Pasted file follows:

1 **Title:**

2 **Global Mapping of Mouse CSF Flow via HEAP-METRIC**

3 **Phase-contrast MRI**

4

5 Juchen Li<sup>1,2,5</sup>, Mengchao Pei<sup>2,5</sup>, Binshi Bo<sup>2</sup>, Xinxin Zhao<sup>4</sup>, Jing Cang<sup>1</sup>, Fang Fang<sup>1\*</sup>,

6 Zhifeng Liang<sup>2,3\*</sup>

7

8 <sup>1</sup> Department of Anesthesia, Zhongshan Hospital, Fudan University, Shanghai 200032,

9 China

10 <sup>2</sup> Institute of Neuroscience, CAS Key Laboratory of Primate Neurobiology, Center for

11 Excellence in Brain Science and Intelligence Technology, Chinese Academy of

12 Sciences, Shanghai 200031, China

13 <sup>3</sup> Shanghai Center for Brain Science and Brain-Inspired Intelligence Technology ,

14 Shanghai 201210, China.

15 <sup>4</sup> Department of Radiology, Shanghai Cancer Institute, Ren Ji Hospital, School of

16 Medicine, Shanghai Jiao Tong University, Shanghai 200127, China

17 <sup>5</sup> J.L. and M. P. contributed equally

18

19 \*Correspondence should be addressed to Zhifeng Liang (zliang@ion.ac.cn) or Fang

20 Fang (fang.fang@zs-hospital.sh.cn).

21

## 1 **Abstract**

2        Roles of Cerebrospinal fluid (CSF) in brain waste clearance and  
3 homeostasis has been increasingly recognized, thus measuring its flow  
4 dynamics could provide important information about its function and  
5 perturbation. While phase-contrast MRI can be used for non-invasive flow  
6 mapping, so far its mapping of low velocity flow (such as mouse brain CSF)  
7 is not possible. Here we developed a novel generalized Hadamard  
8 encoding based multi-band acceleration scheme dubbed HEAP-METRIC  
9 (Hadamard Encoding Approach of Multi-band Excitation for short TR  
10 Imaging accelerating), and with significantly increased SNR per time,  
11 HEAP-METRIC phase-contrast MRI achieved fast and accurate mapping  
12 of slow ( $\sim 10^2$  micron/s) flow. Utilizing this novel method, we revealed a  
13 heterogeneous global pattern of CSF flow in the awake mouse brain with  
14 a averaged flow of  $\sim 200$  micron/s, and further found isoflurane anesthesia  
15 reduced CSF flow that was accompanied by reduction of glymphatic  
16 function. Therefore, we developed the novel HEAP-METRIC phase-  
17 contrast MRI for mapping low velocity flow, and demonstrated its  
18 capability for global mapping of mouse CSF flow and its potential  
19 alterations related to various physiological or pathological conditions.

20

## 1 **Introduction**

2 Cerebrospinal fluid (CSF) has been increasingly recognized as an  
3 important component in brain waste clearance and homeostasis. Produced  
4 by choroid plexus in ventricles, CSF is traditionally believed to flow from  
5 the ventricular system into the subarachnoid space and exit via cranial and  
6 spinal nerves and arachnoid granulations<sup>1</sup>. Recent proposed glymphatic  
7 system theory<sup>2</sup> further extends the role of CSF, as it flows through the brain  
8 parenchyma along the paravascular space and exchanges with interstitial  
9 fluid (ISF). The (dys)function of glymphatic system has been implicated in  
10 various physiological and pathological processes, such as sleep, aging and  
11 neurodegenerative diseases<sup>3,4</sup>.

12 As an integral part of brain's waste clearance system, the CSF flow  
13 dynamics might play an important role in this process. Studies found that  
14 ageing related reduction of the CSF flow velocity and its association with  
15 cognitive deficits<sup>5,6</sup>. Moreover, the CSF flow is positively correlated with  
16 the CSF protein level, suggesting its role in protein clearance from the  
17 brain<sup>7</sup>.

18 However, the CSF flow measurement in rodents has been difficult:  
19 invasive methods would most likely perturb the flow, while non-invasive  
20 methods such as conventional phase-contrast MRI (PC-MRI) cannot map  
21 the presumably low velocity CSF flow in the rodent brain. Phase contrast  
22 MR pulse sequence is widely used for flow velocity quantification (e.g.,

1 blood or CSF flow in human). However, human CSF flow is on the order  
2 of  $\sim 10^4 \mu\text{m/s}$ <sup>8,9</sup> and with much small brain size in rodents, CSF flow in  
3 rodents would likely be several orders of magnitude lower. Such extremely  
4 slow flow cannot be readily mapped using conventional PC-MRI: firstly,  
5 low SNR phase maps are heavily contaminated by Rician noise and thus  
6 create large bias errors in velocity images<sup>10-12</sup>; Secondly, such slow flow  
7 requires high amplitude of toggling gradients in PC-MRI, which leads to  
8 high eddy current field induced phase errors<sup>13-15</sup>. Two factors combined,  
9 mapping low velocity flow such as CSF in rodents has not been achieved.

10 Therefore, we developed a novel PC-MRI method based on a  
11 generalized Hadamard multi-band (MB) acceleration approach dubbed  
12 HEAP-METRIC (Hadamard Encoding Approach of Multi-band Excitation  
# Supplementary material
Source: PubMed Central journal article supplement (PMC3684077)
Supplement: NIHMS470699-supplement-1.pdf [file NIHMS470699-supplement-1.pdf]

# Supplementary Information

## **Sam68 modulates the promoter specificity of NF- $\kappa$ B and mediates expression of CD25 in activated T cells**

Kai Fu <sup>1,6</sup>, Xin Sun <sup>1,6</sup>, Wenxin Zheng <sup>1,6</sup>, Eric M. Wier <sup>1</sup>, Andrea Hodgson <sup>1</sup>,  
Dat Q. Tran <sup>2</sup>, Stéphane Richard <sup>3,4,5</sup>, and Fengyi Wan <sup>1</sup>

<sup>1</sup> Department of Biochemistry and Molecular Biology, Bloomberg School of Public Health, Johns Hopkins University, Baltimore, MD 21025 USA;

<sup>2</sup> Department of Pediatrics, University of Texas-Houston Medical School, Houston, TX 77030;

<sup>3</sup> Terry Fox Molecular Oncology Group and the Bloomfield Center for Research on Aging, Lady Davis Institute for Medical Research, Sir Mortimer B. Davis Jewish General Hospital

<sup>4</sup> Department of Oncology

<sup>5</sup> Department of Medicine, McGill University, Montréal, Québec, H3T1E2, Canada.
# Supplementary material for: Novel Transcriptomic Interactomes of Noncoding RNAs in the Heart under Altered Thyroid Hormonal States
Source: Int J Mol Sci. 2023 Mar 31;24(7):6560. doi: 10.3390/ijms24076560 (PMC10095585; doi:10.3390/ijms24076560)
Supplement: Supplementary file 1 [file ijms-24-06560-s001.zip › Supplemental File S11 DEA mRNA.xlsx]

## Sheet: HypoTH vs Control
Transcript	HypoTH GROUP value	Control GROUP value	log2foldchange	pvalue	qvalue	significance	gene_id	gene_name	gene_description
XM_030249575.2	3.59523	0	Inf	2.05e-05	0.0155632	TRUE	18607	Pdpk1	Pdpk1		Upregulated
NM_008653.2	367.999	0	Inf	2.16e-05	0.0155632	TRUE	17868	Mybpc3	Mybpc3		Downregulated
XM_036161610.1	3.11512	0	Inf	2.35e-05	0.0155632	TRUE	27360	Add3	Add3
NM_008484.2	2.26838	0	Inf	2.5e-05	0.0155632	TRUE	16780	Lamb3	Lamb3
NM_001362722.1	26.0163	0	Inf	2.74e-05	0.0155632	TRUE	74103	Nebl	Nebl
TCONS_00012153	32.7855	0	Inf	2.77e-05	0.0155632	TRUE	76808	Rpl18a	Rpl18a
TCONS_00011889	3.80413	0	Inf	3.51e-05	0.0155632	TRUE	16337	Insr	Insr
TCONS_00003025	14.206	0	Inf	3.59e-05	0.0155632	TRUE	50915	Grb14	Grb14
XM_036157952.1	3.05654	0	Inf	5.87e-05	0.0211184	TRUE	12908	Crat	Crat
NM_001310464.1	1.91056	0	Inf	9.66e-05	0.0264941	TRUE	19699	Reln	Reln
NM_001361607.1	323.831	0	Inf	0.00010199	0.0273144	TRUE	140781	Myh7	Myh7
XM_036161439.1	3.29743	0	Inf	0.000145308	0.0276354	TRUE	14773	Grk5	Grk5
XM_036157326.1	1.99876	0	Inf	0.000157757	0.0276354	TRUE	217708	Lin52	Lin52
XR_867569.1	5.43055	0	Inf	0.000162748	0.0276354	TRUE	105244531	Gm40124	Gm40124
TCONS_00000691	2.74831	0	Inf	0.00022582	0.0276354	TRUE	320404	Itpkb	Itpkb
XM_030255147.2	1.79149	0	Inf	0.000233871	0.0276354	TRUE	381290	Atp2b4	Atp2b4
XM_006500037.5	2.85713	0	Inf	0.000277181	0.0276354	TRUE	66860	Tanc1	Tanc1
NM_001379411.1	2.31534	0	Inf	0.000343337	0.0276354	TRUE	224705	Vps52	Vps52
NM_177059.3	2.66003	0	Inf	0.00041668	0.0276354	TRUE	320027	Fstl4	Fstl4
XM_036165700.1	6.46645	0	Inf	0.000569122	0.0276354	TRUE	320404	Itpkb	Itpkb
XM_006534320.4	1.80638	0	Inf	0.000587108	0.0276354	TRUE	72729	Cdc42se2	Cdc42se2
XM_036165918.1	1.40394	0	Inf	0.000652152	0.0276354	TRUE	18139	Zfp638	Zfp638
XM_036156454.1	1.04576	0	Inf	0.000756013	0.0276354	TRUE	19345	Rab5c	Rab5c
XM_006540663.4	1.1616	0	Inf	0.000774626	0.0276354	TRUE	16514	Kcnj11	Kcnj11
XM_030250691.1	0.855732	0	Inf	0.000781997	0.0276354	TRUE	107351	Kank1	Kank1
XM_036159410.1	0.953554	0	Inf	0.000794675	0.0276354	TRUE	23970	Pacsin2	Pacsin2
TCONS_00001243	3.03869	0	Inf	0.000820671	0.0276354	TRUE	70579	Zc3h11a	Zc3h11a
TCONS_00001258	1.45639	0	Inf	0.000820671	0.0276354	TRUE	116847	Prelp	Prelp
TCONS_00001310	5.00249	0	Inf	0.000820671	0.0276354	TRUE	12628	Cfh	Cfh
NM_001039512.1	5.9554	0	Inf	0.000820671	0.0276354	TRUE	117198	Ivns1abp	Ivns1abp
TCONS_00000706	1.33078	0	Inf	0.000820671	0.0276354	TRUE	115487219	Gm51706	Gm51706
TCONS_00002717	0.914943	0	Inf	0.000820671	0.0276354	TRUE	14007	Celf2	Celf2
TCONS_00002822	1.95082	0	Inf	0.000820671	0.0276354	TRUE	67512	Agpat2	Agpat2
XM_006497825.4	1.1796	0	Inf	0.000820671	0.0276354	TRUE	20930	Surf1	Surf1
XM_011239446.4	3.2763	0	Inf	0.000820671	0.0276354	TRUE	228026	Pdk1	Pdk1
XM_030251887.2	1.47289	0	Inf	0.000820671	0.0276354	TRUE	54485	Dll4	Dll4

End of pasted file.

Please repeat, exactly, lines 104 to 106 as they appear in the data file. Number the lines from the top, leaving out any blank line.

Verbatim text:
XM_036161439.1	3.29743	0	Inf	0.000145308	0.0276354	TRUE	14773	Grk5	Grk5
XM_036157326.1	1.99876	0	Inf	0.000157757	0.0276354	TRUE	217708	Lin52	Lin52
XR_867569.1	5.43055	0	Inf	0.000162748	0.0276354	TRUE	105244531	Gm40124	Gm40124